Germany now presented itself in its definitive aspect as a complex of very numerous territorial states, of the most varied extension, governed by princely dynasties that were effectively independent of the imperial power.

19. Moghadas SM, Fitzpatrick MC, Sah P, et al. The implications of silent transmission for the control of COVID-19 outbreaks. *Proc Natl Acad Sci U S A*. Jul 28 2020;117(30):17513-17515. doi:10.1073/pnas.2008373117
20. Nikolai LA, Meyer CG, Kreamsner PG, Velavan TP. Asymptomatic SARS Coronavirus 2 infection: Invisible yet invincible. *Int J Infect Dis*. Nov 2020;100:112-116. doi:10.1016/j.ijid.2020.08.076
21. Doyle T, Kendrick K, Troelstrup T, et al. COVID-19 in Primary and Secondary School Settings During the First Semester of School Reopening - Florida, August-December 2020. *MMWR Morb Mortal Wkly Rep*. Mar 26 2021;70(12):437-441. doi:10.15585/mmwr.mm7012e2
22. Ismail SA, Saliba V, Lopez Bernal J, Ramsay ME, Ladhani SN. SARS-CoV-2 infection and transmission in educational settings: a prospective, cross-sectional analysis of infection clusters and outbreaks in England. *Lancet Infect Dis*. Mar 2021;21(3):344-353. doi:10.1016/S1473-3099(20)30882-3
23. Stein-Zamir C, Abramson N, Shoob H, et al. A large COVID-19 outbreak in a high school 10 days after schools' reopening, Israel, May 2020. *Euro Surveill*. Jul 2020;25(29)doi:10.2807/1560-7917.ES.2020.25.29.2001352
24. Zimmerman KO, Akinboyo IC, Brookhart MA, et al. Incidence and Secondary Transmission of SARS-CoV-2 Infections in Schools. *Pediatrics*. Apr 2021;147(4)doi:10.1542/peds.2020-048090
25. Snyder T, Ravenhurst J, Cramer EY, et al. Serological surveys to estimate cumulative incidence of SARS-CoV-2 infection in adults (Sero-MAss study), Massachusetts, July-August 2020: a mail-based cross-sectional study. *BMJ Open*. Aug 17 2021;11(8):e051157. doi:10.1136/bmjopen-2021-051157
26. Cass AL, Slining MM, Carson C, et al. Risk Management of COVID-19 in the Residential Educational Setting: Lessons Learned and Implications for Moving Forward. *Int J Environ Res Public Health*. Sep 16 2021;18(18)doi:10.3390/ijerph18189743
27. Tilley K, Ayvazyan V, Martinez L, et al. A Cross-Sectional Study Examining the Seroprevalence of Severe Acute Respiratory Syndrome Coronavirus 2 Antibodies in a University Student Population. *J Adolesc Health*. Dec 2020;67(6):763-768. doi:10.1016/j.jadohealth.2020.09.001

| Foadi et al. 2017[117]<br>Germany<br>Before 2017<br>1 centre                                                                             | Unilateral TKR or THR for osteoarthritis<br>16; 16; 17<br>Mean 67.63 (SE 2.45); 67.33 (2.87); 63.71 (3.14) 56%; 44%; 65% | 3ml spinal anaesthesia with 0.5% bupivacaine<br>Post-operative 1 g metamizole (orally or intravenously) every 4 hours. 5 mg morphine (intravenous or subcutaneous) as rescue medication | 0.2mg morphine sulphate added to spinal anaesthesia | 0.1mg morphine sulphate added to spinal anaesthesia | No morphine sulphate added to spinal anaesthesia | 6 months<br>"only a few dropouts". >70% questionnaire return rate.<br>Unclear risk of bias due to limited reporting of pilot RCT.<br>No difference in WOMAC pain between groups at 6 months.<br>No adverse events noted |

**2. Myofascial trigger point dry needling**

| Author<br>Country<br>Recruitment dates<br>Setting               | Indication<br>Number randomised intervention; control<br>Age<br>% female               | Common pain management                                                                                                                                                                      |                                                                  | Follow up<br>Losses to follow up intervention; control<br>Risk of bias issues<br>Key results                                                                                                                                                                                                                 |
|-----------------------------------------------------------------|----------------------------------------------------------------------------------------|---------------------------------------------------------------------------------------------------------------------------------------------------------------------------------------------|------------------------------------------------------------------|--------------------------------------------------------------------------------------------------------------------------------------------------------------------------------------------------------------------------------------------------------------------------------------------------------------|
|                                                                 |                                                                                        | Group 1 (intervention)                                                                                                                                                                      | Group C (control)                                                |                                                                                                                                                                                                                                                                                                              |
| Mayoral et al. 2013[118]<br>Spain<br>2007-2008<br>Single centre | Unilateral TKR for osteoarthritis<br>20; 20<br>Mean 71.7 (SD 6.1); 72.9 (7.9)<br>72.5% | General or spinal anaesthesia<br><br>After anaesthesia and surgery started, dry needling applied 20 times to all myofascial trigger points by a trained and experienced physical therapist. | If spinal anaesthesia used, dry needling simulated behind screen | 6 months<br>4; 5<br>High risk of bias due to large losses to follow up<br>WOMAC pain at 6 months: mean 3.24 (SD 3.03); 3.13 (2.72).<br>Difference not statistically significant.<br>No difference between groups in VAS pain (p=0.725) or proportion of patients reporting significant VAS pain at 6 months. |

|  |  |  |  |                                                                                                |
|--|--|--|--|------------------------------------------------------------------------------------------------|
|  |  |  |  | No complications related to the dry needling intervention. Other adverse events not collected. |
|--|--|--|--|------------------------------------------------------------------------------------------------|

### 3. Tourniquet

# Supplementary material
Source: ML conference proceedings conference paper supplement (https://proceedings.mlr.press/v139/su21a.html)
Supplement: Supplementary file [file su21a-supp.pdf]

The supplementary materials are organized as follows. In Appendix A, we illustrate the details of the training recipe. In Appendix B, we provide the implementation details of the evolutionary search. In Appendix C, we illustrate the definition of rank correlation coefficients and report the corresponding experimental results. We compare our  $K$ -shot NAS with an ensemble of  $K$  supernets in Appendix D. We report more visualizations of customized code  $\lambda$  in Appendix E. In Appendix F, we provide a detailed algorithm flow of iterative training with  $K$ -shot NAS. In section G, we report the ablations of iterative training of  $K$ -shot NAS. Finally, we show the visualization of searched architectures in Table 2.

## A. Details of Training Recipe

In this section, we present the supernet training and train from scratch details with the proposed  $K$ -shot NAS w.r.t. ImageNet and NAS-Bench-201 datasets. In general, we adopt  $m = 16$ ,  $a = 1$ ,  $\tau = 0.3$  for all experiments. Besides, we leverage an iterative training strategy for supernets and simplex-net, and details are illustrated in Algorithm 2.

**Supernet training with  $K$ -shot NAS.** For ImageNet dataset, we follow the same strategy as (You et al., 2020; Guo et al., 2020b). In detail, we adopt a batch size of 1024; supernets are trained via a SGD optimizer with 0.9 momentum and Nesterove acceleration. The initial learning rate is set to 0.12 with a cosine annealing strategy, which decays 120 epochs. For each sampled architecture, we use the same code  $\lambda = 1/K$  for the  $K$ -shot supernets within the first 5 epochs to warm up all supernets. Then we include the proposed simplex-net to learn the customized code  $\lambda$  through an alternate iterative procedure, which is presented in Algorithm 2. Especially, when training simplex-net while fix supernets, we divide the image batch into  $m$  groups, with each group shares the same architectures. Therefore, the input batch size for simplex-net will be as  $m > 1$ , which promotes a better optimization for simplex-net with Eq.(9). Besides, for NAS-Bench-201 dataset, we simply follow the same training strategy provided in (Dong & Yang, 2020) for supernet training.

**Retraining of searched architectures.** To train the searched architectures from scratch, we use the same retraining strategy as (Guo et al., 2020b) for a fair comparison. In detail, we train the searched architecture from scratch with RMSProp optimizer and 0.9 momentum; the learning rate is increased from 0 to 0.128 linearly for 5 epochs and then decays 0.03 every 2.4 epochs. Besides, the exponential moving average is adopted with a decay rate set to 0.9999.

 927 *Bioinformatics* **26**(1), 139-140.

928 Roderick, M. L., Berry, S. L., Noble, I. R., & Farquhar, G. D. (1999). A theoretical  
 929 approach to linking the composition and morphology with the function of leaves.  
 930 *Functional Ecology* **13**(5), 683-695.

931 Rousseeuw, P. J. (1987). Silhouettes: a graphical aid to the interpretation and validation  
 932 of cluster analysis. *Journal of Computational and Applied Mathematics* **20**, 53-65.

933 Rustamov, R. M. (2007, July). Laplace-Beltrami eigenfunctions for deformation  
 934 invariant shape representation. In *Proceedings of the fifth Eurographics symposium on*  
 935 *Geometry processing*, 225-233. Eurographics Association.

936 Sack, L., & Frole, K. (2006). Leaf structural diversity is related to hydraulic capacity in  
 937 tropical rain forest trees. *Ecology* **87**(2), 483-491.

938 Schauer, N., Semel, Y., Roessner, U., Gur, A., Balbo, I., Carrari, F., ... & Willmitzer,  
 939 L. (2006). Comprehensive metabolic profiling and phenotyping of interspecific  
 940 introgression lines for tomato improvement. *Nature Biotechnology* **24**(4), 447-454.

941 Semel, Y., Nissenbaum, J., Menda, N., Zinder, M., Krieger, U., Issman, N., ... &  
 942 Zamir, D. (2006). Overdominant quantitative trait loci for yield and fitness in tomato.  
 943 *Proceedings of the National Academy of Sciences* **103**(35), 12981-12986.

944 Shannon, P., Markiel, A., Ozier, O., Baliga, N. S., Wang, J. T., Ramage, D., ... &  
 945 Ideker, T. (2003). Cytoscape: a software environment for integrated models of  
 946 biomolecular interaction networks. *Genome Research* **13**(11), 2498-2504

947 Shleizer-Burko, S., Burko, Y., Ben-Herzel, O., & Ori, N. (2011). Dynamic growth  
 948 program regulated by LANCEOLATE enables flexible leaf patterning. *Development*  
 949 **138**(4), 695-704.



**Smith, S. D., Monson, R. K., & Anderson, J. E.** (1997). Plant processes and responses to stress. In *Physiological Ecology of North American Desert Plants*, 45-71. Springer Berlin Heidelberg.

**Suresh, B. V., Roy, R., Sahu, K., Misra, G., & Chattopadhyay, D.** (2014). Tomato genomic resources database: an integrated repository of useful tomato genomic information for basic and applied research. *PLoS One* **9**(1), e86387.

In northern Germany the Guelphs, divided from 1267 into the branches of Brünswick and Lüneburg, had further divided their possessions into the four lines of Grubenhagen, Kalenberg, Brunswick-Wolfenbüttel and Lüneburg. The Hohenzollerns had instead ensured the indivisibility of the electoral brand of Brandenburg in the eldest male line with the Constitutio Achillea issued in 1473 by Alberto l’Achille. On the Baltic coast, in Pomerania and in Mecklenburg-Schwerin, the ancient avenging princely families remained, but completely Germanized; also Mecklenburg had been erected as a duchy by Charles IV. The Holstein from 1480 had united with the Danish crown in the person of a count of Oldenburg, a Christian, assumed to that throne in 1448. To the south of the dominions of the Hohenzollerns extended those of the Wettin dukes of Saxony-Wittenberg, divided into the two from 1485 branches of the Ernestini, who ruled Saxony around Wittenberg and a large part of Thuringia, with electoral dignity, and of the Albertini, who had the northern part of Thuringia and Misnia. From now on the name of Saxony remains linked to the Elban region north of the Erzgebirge. From 1263 the Hessian langraviato was formed in the western part of Thuringia, on the left of the Weser and the Werra. In southern Germany the most powerful family was still that of the Wittelsbachs, whose possessions, after the division between the line of the Count Palatine of the Rhine and that of his brother in 1255, and the subsequent division by Ludwig IV, with the pact of Pavia in 1329, were even more divided with the lines of Straubing, Ingolstadt, Landshut and Munich. But with the first three extinct respectively in 1425, 1447 and 1503, most of the dominions of the Wittelsbachs in Bavaria gathered in the Munich line, and in 1506 was declared indivisible in the eldest male line by Albert IV. The Palatinate of the Rhine always remained at the count’s line. In the territory of ancient Swabia, beyond the margraviate of Baden, which took place along the Rhine from Basel to Karlsruhe from the ancient possessions of the ancient ducal family of the Zähringen, which died out in 1218, the county of Württemberg had acquired considerable extension, which Maximilian I raised to the status of duchy in 1495, while in north-eastern corner were the dominions of the Burgraviato of Nuremberg, belonging to the Hohenzollern. The Habsburgs had their possessions in the south-eastern, southern and western regions of the Empire: duchies of Austria (which Frederick III had erected as archduchy in 1453), Styria, Carinthia, Carniola; Trieste (1382); county of Gorizia (1500), with dependencies on the Isonzo and in Val Pusteria, and of the Tyrol; Swabian and Rhenish lands, including Upper Alsace and Breisgau; the Burgundian heritage, Franche-Comté, Luxembourg, Hainault, Namur, Brabant, while further north the duchy of Gelderland and the county of Holland escaped the Habsburg claims based on that heritage. Wedged between the extreme parts of the new Habsburg dominions remained the Duchy of Lorraine, to be considered by now completely taken up in the French sphere of action. From 1431 to 1473 a branch of the Angevins of Naples had reigned there, which was succeeded by the family of the counts of Vaudémont. Numerous princely dynasties had formed in the lands between the Meuse and Lippe: dukes of Jülich, Berg, Kleve; counts of Ravensberg and Mark. Then there were the ecclesiastical principalities: besides the three Rhenish electors, the archbishops of Cologne – which also ruled the Duchy of Westphalia – of Trier and Mainz, the bishop of Münster in Westphalia had important territorial dominions; L’ archbishop of Bremen between the lower Weser and the Elbe estuary; the bishops of Würzburg and Bamberg in the middle and upper Main; the archbishop of Magdeburg between Brandenburg and Saxony; the archbishop of Salzburg in the Salzbach valley; the bishop of Trento; still others, which cannot be enumerated here.